This week, Democratic presidential candidate Pete Buttigieg, the mayor of South Bend, Indiana, disclosed client details from his previous job as a management consultant at McKinsey (the firm obtained permission from these clients to release “Mayor Pete” from his NDAs). One of those clients was insurance provider Blue Cross Blue Shield of Michigan. The 2007 job looked to be an overhead cost reduction project, but with a seeming procurement angle to it. The Buttigieg campaign released a statement that said of Buttigieg: “He was assigned to a team that looked at overhead expenditures such as rent, utilities and company travel. The project he was assigned to did not involve policies, premiums or benefits.”
Looking at these three spend areas, the majority of this spending is disbursed to suppliers, so it’s likely not a headcount reduction effort, and more than likely focused within a procurement work stream. Attacking rent and utilities are not necessarily the easiest categories to go after as they are often being bound up in larger facilities, real estate and energy management spend, but the travel category is a little more straightforward of an area for a procurement consultant to cut his/her teeth on.
Regardless, should we care about this? Do we want a presidential candidate who understands procurement and cost discipline? Answer: Yes!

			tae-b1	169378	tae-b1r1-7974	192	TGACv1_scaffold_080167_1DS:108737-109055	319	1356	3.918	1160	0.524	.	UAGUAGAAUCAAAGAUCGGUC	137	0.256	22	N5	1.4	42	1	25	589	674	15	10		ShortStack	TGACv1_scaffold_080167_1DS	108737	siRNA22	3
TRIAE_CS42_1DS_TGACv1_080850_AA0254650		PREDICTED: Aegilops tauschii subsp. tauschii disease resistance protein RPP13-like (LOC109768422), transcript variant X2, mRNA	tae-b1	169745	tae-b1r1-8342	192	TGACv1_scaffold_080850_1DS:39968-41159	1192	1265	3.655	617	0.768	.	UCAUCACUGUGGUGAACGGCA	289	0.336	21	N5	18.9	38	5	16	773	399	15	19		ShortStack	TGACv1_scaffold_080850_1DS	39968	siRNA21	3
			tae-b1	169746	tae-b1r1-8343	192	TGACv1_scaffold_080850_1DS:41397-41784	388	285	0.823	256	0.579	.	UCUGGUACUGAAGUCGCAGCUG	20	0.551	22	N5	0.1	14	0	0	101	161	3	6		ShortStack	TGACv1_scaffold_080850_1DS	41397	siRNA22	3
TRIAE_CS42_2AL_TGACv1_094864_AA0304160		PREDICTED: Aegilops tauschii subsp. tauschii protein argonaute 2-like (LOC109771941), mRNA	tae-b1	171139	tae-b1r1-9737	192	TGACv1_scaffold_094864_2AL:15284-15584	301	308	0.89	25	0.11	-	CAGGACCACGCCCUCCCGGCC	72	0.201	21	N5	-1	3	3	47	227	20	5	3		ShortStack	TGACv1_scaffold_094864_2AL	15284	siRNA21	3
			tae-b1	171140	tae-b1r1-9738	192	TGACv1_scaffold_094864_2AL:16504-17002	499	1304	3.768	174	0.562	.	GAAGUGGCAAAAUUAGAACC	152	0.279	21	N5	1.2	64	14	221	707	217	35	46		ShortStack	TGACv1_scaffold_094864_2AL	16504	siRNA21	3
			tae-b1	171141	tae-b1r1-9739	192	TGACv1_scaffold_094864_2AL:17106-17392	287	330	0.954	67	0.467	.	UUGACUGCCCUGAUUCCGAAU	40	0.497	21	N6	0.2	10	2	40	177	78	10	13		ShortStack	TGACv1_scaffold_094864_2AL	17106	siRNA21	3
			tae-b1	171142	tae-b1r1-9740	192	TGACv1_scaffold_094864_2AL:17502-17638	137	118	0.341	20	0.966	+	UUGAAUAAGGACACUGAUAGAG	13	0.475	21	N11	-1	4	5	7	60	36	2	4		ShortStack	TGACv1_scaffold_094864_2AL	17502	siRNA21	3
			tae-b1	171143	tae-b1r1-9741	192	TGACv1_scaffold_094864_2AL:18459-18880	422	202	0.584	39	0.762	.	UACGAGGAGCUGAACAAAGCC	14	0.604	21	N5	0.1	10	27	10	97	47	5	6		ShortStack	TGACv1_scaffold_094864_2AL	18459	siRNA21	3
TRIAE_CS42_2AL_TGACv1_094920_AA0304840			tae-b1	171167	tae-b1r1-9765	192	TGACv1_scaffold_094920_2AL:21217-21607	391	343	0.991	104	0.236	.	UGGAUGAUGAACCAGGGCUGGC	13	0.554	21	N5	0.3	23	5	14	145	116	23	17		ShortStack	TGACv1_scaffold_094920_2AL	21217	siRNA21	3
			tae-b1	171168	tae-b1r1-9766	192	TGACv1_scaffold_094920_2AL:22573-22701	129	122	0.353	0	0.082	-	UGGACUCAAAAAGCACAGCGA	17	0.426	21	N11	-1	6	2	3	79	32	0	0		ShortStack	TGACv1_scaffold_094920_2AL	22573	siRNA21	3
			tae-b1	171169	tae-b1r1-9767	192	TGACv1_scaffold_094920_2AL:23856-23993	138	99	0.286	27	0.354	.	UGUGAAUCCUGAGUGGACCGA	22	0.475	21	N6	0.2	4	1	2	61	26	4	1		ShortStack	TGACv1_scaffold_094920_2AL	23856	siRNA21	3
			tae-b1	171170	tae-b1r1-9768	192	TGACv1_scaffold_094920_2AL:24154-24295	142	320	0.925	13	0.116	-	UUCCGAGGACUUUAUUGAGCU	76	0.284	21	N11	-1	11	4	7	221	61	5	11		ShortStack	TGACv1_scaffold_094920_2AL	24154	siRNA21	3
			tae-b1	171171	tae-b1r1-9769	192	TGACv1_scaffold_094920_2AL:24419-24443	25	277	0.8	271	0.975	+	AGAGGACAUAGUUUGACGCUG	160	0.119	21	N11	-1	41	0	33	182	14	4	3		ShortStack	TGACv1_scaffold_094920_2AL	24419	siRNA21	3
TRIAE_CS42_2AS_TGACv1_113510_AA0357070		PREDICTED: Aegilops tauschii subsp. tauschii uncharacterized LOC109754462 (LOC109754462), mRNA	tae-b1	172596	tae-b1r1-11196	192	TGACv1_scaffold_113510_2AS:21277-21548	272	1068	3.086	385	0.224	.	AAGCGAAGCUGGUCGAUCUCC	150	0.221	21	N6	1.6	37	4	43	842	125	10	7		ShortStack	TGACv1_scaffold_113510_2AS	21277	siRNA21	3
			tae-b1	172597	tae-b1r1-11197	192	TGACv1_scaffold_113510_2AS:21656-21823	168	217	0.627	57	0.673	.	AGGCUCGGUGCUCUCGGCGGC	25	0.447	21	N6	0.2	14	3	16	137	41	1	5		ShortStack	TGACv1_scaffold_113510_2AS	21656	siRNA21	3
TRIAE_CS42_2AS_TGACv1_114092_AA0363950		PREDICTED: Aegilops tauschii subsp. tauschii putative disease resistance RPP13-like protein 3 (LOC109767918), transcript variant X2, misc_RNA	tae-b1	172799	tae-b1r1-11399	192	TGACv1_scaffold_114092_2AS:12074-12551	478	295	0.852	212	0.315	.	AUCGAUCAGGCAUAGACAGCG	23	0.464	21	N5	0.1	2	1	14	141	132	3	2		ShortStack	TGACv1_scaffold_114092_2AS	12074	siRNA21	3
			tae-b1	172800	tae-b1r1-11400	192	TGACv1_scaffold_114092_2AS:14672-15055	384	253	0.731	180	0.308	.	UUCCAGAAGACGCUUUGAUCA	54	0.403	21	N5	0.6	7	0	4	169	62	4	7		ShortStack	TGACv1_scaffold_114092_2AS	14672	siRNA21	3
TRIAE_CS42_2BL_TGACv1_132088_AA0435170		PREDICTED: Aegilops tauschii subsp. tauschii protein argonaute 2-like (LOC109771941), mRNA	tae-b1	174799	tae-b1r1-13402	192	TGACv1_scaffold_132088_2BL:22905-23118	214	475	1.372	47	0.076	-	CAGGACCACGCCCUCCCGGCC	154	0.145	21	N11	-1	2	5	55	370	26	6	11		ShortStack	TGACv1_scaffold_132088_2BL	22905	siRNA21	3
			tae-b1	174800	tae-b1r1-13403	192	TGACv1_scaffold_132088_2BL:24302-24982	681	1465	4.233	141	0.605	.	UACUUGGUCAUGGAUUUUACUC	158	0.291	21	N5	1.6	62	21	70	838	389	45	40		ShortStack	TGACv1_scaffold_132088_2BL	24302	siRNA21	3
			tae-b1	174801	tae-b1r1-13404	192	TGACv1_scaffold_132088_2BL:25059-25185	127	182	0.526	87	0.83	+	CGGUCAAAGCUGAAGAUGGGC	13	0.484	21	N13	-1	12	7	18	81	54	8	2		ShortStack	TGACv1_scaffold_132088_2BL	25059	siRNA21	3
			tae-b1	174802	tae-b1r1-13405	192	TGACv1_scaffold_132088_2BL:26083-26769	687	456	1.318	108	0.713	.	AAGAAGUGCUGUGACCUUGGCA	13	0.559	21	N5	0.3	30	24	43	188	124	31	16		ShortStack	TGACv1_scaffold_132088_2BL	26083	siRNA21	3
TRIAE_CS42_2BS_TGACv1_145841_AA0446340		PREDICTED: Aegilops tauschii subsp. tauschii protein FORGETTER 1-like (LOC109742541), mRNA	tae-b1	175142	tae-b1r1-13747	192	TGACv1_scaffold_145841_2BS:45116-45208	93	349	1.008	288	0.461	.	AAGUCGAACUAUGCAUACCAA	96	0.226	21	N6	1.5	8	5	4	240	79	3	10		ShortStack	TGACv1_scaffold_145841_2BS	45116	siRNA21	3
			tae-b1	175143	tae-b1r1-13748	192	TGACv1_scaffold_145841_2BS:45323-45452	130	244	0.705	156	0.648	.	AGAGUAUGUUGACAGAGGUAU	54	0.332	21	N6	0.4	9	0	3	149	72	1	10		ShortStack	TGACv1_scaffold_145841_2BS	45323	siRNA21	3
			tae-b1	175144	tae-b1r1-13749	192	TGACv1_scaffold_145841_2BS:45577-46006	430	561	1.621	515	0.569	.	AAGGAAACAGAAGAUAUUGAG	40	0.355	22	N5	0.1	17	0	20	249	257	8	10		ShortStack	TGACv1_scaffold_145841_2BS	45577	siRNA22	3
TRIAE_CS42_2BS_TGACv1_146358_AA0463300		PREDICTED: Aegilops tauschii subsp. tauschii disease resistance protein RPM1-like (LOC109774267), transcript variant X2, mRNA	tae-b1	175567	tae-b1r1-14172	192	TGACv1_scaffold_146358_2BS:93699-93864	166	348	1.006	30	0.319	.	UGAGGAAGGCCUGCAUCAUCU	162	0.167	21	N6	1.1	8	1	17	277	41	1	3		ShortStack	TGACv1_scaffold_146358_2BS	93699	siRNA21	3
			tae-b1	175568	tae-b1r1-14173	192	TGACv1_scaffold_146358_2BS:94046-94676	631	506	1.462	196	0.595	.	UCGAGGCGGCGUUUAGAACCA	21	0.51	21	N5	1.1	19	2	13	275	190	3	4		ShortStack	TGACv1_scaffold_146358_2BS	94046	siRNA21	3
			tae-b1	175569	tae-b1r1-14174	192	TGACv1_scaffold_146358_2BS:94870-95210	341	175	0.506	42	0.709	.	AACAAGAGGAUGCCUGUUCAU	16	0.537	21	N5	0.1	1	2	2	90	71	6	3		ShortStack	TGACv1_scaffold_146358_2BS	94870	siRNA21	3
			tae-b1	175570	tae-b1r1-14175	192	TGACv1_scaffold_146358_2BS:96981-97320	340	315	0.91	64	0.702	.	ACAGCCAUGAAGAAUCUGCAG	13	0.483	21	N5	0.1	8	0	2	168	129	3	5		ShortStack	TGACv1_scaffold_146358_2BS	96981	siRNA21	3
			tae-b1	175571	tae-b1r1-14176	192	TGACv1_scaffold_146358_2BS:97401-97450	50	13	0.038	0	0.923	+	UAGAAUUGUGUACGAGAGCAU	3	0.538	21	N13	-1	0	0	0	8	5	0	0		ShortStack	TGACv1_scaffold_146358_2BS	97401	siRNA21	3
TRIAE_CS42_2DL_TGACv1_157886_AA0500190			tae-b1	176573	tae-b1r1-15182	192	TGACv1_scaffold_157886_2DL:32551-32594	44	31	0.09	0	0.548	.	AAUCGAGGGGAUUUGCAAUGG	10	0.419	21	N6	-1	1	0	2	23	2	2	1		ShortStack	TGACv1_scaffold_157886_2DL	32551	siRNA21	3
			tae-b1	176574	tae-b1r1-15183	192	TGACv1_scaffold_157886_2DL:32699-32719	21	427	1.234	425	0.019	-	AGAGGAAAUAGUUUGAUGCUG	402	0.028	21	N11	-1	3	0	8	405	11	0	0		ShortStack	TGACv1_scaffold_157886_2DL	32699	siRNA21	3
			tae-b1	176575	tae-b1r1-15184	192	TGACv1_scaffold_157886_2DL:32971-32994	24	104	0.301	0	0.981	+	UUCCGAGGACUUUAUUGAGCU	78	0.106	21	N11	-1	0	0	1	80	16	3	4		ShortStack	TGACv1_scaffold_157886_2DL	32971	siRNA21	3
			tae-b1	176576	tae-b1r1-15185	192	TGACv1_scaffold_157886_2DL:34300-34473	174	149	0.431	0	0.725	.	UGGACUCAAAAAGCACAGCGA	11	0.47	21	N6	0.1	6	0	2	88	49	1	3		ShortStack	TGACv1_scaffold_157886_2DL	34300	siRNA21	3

Of course, it doesn’t have to be Buttigieg, and call me a staunch independent here, but every candidate should have experience successfully running private and/or public sector organization where cost discipline is demonstrated, budgets are balanced and savings are put to good use to serve the public good. As Joe Biden once said, “Don’t tell me what you value. Show me your budget and I will tell you what you value.” This is very relevant in procurement regarding spend analysis, contract analysis and performance metrics analysis (of procurement itself and of supplier performance metrics). Let the data tell the story of the spend, the spending process and the demonstrated priorities of stakeholders. Then compare it to goals and stated priorities and let that gap analysis guide your transformation (sorry, as a former management consultant myself, this stuff is now burned into my DNA — and my PowerPoint slide decks).
Top chief procurement officers (CPOs) know this stuff, but so must CEOs. Luckily, more CEOs are increasingly being groomed via executive management development programs that rotate through procurement and supply chain because of the impact that the function can have. And with U.S. federal government’s supplier spending at something like $2 trillion, public procurement best practices adoption is the noblest of pursuits given U.S. deficits and the opportunity costs of squandered/stolen money that could otherwise be put to good use. That is why we do our best to support our sister organization Public Spend Forum!
Someone with Buttigieg’s competencies would also help make a good CPO. He’s multilingual, has military experience in Afghanistan and has management consulting experience that provides transformational experience in “dog years,” even though it can be a dog’s life (as I can personally attest to). Also, he’s open about being gay, and the procurement profession does seem to need a lot more diversity and inclusion for ethnicity, gender, disabilities and sexual orientation within its own four walls.
Regardless of which candidate you vote for in any elections, I think we’d all be best served by public leaders with traits demonstrated by top CPOs: not just politically savvy, but commercially savvy, outcome-focused, practical, service-oriented, empathetic and ethically strong.